Today's guest blogger is Brendan Cruickshank, who is an expert on job search and employee recruiting.
When I was young, my uncle would always take me to harness races. Although not a big gambler, he was a big racing fan and actually enjoyed the sporting aspects of the race, which he would talk about incessantly. He taught me a lot about the sport, but I will never forget one particular observation he made during a race in which a certain horse had a huge lead over the pack. Pointing to the lead horse with its cart and driver in tow, my uncle called my attention to the fact that even though the horse was the one out front, the real leader of the team was the driver sitting in the rear.
The lesson I learned that day stuck with me: The most important individuals in an organization are not always those who are up front. Sometimes the most important leaders are those who are further back. In a truly successful organization, leadership comes from every position and very often leadership in the seemingly less significant organizational layers can be just as critical as leadership at the senior level. In fact, the bulk of leadership in most good organizations comes not from the top rungs, but from the middle. This is because there are many different functions that define the fabric of an organization: administrative functions, technical functions, support functions, human resource functions, even custodial functions. And if any of these functions don't get done, even the seemingly unimportant ones, then the entire organization suffers. Most if not all of an organization's functions are carried out by a team of workers and each team needs a leader. This is why leadership is needed at all levels, not just at the top.
So how do successful organizations go about looking for and identifying leaders when they do their hiring? Although there is no magic formula that will guarantee how effective someone will turn out to be as a leader, here are a few insights on techniques that can help an organization gain a reliable prognosis of leadership potential in prospective hires:
1. Use a candidate's background to assess leadership impact: Find out the specific nature of the achievements the person was responsible for causing to happen in his career, and how much of an impact he or she had in making them happen. Keep in mind that a true leader is someone who is capable of making an imprint. Also, find out things like how many people were led and how well resources were managed. An important technique here is to drill down in the interview and get specifics! Find out details, and the more the better. Specifically, ask what aspects of the candidate's achievements were most enjoyable or satisfying. This could provide clues not only about the candidate's interests, but also about his own motivation and ability to motivate others. You are trying to find is a pattern of recurring behavior that will give you valuable insight on how effectively the candidate will lead in your organization.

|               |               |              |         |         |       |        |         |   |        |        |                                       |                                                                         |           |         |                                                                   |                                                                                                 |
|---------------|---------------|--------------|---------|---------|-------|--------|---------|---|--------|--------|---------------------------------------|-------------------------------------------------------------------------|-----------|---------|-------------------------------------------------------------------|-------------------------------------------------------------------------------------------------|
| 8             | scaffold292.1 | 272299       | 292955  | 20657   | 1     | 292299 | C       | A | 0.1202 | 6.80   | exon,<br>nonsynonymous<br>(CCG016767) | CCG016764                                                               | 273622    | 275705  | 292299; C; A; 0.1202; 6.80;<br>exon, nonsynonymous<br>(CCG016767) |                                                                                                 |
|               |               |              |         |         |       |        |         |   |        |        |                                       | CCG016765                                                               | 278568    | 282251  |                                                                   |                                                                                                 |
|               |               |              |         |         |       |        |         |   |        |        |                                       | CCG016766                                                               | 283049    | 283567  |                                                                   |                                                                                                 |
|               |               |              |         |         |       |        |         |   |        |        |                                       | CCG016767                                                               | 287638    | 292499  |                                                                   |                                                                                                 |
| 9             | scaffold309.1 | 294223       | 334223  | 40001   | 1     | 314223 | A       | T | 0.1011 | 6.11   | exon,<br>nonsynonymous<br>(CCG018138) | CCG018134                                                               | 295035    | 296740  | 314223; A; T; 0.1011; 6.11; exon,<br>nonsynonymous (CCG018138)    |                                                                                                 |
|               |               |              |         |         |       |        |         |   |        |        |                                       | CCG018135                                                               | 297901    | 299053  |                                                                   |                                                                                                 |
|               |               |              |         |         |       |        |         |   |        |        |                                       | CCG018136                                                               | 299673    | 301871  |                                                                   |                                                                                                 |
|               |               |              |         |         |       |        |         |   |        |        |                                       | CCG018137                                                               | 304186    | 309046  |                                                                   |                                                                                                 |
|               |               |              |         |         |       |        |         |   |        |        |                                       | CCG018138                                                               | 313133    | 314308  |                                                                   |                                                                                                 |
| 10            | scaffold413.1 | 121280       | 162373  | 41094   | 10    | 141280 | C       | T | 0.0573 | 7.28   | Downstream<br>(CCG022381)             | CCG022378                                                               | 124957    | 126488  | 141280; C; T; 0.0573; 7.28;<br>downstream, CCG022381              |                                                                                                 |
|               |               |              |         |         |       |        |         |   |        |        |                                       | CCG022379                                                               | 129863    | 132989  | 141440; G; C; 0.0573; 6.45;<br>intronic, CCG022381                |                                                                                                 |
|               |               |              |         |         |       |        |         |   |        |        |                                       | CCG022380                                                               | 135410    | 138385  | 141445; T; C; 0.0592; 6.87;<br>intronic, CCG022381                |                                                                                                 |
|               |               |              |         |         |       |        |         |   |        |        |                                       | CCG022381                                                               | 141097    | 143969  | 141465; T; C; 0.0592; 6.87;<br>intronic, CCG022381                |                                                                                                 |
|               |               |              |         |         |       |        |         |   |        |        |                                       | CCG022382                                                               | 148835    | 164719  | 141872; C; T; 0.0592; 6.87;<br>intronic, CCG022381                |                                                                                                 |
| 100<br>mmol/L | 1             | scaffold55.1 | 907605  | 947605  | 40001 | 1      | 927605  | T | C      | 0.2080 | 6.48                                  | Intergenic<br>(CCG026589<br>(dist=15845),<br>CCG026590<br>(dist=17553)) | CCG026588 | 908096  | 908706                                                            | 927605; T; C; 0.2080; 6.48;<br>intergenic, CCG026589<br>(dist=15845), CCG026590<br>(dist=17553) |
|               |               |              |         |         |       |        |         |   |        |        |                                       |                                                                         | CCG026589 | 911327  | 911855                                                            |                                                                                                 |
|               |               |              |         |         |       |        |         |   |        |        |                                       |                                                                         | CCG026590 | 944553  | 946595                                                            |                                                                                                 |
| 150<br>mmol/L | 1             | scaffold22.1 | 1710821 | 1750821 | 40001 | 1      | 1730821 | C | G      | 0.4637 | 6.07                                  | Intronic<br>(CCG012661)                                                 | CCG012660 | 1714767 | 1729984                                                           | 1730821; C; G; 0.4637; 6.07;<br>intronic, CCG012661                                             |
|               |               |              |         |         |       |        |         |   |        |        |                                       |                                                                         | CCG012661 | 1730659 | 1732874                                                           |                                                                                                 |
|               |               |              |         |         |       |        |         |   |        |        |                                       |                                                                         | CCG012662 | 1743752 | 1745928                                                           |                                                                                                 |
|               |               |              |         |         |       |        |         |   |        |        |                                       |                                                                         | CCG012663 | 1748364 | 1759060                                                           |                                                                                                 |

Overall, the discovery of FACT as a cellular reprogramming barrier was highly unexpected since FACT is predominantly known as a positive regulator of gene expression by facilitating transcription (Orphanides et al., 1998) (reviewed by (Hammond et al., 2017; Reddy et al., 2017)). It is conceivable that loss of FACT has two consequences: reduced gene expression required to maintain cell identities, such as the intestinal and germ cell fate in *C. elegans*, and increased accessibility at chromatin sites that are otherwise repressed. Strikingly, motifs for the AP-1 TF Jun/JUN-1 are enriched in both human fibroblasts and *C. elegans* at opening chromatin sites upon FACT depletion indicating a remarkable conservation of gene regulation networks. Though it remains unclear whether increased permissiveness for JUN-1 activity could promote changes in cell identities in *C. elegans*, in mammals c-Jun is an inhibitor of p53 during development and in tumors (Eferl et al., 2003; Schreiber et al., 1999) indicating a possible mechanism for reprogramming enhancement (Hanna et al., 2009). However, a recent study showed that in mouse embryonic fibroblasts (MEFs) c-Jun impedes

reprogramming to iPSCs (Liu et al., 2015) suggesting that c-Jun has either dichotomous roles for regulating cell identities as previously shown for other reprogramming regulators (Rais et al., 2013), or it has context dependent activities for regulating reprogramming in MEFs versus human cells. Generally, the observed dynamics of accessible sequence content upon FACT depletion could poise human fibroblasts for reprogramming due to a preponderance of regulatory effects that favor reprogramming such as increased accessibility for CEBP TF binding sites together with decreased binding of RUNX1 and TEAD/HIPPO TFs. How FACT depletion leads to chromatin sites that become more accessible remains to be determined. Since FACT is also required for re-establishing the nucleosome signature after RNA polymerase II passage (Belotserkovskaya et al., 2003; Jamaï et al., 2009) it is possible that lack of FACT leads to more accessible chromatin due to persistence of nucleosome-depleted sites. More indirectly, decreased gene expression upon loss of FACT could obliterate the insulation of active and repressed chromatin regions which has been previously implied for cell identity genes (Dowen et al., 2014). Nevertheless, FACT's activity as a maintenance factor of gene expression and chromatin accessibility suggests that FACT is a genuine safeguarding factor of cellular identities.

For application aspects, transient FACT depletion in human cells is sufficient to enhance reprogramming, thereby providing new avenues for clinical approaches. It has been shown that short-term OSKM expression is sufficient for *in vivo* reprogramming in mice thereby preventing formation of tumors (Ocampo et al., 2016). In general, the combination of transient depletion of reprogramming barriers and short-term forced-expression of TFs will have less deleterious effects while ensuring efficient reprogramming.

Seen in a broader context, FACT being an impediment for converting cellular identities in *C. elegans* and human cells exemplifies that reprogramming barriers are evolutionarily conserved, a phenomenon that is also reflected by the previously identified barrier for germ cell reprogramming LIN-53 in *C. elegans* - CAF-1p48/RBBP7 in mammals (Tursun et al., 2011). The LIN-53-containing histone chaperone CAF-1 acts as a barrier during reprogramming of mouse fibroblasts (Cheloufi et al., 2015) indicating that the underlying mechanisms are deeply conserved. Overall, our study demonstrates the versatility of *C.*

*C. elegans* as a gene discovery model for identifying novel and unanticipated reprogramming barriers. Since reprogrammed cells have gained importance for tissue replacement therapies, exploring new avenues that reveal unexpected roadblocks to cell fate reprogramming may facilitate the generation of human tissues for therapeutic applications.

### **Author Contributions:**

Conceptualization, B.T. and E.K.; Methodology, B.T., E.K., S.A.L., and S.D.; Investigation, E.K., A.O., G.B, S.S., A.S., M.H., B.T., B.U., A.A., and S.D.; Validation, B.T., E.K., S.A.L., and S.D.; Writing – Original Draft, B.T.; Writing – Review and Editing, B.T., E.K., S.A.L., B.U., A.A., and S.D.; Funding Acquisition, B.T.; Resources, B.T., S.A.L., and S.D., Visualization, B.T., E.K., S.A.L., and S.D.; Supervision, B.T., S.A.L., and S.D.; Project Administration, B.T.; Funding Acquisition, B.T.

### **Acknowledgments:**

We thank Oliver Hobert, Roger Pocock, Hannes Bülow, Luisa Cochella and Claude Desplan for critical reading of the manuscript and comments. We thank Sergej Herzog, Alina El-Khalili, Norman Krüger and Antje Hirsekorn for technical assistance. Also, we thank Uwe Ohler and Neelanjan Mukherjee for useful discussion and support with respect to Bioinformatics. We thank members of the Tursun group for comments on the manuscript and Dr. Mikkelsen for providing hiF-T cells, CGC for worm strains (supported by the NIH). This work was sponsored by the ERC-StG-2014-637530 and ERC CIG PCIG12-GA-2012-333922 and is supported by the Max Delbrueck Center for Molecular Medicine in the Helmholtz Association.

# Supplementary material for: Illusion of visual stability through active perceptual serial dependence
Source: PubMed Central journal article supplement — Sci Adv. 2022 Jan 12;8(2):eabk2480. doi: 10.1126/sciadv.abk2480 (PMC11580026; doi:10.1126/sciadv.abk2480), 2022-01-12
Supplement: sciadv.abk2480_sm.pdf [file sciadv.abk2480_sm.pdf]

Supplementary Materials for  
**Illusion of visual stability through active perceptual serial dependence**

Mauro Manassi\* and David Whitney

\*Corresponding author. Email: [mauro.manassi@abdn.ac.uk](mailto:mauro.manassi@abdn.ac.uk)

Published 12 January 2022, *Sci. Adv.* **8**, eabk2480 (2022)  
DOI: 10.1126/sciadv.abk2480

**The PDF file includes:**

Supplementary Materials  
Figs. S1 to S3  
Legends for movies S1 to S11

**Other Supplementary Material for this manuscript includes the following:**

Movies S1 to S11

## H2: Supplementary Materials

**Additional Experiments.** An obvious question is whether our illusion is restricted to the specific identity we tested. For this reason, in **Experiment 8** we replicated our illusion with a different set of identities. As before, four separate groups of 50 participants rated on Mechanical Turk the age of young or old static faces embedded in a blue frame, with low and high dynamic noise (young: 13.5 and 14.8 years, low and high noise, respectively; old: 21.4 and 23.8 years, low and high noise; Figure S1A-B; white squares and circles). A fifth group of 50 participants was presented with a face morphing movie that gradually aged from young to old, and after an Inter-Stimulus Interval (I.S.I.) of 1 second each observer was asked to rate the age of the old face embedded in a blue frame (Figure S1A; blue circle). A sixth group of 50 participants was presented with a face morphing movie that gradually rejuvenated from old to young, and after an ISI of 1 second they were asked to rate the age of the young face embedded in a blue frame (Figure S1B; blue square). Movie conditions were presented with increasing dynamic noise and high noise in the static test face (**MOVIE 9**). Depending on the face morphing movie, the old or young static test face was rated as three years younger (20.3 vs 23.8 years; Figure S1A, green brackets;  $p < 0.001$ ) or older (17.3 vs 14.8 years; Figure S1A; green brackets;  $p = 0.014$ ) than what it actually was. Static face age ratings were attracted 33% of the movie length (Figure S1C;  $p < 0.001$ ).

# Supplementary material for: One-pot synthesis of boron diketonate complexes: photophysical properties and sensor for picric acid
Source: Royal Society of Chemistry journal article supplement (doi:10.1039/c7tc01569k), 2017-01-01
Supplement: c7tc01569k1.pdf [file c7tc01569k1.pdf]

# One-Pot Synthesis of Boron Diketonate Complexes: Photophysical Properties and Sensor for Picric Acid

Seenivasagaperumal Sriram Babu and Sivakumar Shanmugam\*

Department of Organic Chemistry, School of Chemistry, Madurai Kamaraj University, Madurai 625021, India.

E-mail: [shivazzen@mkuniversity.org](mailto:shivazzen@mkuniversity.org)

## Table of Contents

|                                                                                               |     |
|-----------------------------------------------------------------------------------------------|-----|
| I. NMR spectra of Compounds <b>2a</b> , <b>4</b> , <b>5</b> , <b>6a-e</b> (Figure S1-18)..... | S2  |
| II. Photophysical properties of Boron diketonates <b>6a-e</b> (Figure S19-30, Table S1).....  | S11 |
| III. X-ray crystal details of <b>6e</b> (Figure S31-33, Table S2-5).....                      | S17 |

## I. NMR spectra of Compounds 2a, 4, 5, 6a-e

2. Focus on vision: Do the candidate's past achievements show any evidence of being visionary or proactive? If the candidate's background doesn't provide enough insight, then some creative questioning may be in order. In what direction does the candidate feel the business function needs to go? How does the candidate perceive the future? What does she see as the best way forward? A good leader is capable of articulating a clear and compelling vision which others can buy into. Is this candidate forward-looking and understanding of the business function well enough to develop and articulate that vision?
3. Simulate a leadership environment: A very effective way of getting a feel for how people are likely to perform as leaders is to project them into realistic job environments that allow you to observe how they act. Set up a scenario where future leaders are required to interact with potential fellow employees and work together with them in teams. In general, see how potential leaders behave in situations that require leadership skills.
4. Grow your own leaders: In reality, the best way an organization can acquire its leaders is to build them from the bottom up. A creative company can plant the seeds for internal leader growth by instituting leadership training and development programs and making them widely available to people throughout the organization. Another effective policy is to openly share corporate information with employees at all levels to the greatest practical extent. Letting employees in on business results and corporate strategy will go a long way towards fostering a shared sense of mission and direction and will breed a culture that values and embraces leadership at all levels.
Brendan Cruickshank (Vice President of Client Services) - Brendan is a veteran of the online job search and recruiting industry, having spent the past 8 years in senior client services roles with major sites like Juju.com and JobsInTheMoney.com. He is quoted regularly as an expert in employment and jobs trends in major media outlets like the Washington Post, US News & World Report, and Forbes and has spoken at recruiting industry events such as Onrec and Kennedy Information’s Corporate Recruiting Conference.